This article on Recycling and Garbage disposal in Japan is part of our series on Life in Tokyo. Be sure to check more articles in our series to help you out with various topics about Japan!
Our news and media outlets in recent years have seen a spike in issues surrounding recycling and garbage disposal. It is not a secret that our poor use of resources and garbage disposal has contributed to the pollution on our lands and in our oceans. Many countries have taken steps to combat this. Ultimately we are all beginning to realize the negative influence we have had on our environment, and we hope to combat this now to leave a better environment for future generations.
Recycling (especially with regards to plastic use), is incredibly important as it reduces our carbon emissions, reduces the amount of waste we dispose of, and is simply the ethical approach to living compared to one-use items. Japan is a model country when it comes to recycling and waste disposal. There are various laws that Japan has implemented to help their citizens become more mindful of recycling, as well as making the best use of their recycling facilities.
This article will look at Japanese environmental programs, volunteering opportunities for those wishing to engage in sustainability issues, Recycling in Japan, and how to dispose of garbage properly in your area. For more information on finding a cheap apartment in a area of Tokyo, be sure to check out our guides on Apartments in Tokyo.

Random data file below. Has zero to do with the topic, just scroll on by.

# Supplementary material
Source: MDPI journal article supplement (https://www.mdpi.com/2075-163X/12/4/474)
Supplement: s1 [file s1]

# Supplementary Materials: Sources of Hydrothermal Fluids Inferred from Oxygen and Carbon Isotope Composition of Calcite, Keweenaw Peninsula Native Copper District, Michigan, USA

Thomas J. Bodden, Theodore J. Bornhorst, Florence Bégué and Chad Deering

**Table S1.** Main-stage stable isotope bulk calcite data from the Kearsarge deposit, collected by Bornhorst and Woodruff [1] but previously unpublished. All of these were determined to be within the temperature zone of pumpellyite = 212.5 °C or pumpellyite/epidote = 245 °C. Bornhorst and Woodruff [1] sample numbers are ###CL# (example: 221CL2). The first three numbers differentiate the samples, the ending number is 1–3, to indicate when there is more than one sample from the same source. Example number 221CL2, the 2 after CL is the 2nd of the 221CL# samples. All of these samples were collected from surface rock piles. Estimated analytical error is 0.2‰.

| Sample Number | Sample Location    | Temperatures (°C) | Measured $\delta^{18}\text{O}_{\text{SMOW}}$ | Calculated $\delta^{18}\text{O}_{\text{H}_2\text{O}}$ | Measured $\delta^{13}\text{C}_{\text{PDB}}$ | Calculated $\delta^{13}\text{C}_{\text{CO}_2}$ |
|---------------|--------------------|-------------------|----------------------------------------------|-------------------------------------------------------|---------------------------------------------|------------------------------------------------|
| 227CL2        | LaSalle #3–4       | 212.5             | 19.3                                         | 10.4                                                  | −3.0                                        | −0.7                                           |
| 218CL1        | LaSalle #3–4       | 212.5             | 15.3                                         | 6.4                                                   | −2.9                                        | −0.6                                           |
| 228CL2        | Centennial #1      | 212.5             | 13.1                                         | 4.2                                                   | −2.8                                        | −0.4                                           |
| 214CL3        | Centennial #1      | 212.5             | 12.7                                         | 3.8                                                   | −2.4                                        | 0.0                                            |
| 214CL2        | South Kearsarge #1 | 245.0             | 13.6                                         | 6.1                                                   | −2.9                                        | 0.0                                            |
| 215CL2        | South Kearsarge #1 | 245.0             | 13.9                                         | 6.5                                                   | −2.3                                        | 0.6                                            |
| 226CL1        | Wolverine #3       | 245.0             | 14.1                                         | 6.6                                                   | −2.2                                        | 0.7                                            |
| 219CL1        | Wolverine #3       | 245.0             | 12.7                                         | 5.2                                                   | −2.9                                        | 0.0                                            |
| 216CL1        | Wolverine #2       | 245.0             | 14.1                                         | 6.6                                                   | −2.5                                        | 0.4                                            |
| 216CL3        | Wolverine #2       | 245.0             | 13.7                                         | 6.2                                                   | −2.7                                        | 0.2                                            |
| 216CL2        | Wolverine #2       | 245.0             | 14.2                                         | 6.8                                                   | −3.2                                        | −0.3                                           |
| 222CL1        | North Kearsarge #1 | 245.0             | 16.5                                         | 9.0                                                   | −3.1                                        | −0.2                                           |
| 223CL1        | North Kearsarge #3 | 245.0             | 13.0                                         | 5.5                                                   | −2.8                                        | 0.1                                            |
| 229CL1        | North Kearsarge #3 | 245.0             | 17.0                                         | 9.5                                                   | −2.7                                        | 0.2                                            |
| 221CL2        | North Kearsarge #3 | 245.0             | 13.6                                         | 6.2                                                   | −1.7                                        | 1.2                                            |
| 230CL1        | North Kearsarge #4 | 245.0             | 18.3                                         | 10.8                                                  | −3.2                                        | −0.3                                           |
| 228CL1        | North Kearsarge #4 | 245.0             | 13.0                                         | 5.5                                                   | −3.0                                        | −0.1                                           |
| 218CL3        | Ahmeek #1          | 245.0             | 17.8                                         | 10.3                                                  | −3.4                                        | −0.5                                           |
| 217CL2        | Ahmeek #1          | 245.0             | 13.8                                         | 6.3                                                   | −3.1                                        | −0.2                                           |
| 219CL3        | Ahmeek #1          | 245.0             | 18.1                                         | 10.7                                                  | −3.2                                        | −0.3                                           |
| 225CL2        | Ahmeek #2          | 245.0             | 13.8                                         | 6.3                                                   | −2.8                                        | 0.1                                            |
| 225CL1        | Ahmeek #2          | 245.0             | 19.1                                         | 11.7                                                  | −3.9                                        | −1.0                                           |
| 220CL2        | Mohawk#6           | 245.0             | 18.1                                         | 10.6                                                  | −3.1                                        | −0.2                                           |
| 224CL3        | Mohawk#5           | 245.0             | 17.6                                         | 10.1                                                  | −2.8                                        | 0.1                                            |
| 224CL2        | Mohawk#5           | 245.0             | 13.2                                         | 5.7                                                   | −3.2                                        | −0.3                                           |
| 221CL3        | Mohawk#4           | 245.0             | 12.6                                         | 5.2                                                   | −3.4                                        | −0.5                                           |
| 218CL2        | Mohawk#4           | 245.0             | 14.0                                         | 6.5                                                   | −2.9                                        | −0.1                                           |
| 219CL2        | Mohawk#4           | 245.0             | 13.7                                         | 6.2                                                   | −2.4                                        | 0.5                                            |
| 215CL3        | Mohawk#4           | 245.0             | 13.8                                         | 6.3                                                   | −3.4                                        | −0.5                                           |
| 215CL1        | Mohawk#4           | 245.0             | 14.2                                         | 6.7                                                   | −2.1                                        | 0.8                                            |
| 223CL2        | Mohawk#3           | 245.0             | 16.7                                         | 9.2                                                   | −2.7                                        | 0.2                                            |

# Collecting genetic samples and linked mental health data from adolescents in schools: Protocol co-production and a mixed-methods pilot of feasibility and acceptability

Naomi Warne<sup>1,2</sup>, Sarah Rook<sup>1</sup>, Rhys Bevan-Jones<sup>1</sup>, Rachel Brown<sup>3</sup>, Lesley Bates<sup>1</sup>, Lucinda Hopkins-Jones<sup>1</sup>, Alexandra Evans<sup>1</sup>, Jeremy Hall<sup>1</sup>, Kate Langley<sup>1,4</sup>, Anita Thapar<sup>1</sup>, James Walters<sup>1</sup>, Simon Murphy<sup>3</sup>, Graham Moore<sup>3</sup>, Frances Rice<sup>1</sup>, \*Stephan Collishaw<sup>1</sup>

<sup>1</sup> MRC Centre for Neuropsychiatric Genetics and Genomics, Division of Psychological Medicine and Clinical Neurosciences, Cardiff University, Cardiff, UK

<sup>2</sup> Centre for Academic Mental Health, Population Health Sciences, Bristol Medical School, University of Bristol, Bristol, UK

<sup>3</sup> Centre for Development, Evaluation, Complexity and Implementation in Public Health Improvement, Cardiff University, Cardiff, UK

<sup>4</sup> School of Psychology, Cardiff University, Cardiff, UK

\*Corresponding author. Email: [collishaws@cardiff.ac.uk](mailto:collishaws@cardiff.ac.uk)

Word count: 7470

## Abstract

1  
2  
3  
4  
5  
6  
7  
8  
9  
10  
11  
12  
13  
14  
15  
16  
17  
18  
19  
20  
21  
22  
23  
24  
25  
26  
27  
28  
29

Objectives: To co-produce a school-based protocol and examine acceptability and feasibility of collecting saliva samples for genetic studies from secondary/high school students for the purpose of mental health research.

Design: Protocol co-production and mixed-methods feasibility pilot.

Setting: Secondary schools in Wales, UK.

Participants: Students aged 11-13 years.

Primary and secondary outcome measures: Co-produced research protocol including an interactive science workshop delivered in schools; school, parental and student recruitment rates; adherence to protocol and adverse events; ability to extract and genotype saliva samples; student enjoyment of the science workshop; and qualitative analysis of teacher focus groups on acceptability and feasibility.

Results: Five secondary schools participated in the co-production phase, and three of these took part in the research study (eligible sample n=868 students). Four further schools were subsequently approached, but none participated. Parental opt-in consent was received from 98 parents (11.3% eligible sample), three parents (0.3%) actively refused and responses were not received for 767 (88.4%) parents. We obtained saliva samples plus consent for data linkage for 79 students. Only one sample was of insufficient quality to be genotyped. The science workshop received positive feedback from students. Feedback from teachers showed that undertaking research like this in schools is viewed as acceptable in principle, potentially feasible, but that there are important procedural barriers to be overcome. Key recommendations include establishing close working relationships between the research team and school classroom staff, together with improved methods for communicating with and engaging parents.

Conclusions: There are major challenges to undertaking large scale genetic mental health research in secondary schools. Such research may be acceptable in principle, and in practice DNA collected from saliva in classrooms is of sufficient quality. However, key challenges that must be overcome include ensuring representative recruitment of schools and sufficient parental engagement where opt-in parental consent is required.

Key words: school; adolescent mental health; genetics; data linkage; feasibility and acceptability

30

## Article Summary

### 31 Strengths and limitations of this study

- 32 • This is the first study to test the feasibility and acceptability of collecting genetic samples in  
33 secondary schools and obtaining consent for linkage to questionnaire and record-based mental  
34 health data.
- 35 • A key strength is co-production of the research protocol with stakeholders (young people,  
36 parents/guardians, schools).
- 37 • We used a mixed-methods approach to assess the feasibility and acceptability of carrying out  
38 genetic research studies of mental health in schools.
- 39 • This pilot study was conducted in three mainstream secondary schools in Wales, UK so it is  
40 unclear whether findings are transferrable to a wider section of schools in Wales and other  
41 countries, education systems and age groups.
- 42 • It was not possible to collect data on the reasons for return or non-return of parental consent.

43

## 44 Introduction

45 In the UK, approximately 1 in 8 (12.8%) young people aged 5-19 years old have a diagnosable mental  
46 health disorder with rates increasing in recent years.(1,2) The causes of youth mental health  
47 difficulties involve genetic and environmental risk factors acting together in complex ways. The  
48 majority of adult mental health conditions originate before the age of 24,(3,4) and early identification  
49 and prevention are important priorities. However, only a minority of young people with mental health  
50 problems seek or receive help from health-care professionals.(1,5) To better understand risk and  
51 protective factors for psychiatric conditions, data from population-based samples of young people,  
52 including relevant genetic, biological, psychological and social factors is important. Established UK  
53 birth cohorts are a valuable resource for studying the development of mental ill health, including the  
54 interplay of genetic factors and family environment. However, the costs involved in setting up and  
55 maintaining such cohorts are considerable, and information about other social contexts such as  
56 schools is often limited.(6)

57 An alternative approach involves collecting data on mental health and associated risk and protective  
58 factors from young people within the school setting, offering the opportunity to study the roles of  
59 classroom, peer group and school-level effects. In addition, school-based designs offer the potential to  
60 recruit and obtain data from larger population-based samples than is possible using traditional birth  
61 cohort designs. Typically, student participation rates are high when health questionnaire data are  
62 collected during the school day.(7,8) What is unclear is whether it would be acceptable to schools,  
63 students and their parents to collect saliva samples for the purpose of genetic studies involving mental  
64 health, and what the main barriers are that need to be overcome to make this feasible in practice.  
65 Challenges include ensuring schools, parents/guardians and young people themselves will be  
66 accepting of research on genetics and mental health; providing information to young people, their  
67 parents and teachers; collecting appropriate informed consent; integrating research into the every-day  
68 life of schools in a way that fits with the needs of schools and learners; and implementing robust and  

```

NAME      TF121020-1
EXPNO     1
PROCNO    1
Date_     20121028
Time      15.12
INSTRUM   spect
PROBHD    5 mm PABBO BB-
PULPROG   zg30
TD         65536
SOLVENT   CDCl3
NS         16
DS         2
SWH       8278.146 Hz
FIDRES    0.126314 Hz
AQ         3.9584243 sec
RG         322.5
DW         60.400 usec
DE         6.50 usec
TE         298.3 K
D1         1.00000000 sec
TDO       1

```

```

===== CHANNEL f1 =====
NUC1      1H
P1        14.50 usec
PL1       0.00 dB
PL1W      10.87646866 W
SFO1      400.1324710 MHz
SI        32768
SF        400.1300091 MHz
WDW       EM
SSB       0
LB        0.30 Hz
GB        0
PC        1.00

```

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How Recycling in Japan is Managed
So, how does Tokyo recycle their waste?
The first step is to place all the glass, plastic, and jars onto a conveyor belt and send it to the sorting section of the recycling plant. Over here, workers remove any items that are not able to be recycled. An inbuilt system then sorts the glass into three different types: clear, brown, or other. Small “catapults” are integrated on the conveyor belt that sends the right type of glass to the first floor where they break automatically.
Cans go through a different conveyor belt where magnets are used to divide the cans into an aluminum and steel pile. This metal is then twisted together and undergoes a chemical process which then allows the metal to be remade into cans, automotive parts, or construction material.
Clear plastic bottles (made from PET), and recycled and processed to make either new bottles, fabric, or even stationary. PET is a popular polyester resin, meaning that it can be recycled and reused in a variety of products.